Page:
As we come to our two New Testament readings we begin to see new notions of God being woven together intimately. Paul of course had been schooled with the Pharisees and knew well the sense of sin Isaiah felt in the temple “woe is me” and he understood the psalmist’s fear at the sound of the voice of God. His earth shattering experience on the road to Damascus turned his world view on its head. For the first time of his life he knew the love and the grace of God. It is hard to fully appreciate the change from the Pharisee Saul sanding happily by as Stephen was stoned to death and Paul writing so eloquently of us as children of God in Christ Jesus. The image of adoption made a lot of sense to him as a Roman citizen. Once you were adopted into a Roman family you were an heir in that family. You could call the patriarch Pater, Abba, Father. Like Isaiah’s new found confidence, “here am I” and the Psalmist’s feeling of peace, Paul knew himself and us to be cherished heirs. The Spirit of God gives us the confidence to say Abba.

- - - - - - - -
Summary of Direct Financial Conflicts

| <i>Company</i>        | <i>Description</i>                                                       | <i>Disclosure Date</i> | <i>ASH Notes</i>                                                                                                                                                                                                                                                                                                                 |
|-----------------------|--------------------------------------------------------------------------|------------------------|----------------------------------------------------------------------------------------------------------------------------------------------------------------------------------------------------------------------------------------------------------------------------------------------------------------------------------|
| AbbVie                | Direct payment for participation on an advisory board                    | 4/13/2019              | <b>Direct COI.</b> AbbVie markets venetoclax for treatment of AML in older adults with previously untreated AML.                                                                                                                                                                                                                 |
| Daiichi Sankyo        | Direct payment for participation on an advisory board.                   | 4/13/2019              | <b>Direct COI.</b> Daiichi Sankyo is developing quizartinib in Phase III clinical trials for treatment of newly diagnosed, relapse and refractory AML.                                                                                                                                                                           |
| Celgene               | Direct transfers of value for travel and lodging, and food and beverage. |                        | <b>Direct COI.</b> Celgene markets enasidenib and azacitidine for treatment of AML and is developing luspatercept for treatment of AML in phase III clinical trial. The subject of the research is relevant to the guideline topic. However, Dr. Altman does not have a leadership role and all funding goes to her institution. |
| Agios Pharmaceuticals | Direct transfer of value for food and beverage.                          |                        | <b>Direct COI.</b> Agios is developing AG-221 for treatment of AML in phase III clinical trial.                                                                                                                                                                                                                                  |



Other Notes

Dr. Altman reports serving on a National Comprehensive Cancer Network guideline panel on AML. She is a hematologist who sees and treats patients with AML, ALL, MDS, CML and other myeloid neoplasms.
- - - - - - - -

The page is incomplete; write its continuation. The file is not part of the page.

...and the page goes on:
The evangelist John is writing some decades later. He uses the powerful image of the word made flesh. The voice of the Lord, doesn’t just shatter the trees and bring the wonderful universe into being it utters the word that becomes fully human such that we see the Glory of God in Christ. That word expresses God’s unfathomable love for the world.
We know John 3:16 so well that we forget the word world in John’s Gospel is this world that most often hates God. It is the world we know from the nightly news of violence and greed, of power and corruption. It is the world that loves darkness rather than light. And yet it is this world that God loves and speaks into the world so we see his glory. This loving God, whose word became flesh in our world came not to condemn this world but in order that the world might be saved through him. Once again we finish not as condemned sinners but empowered by a transcendent love that brings peace. John like Paul wants us to know the love of God that gives us a confidence; we can say Abba, Father.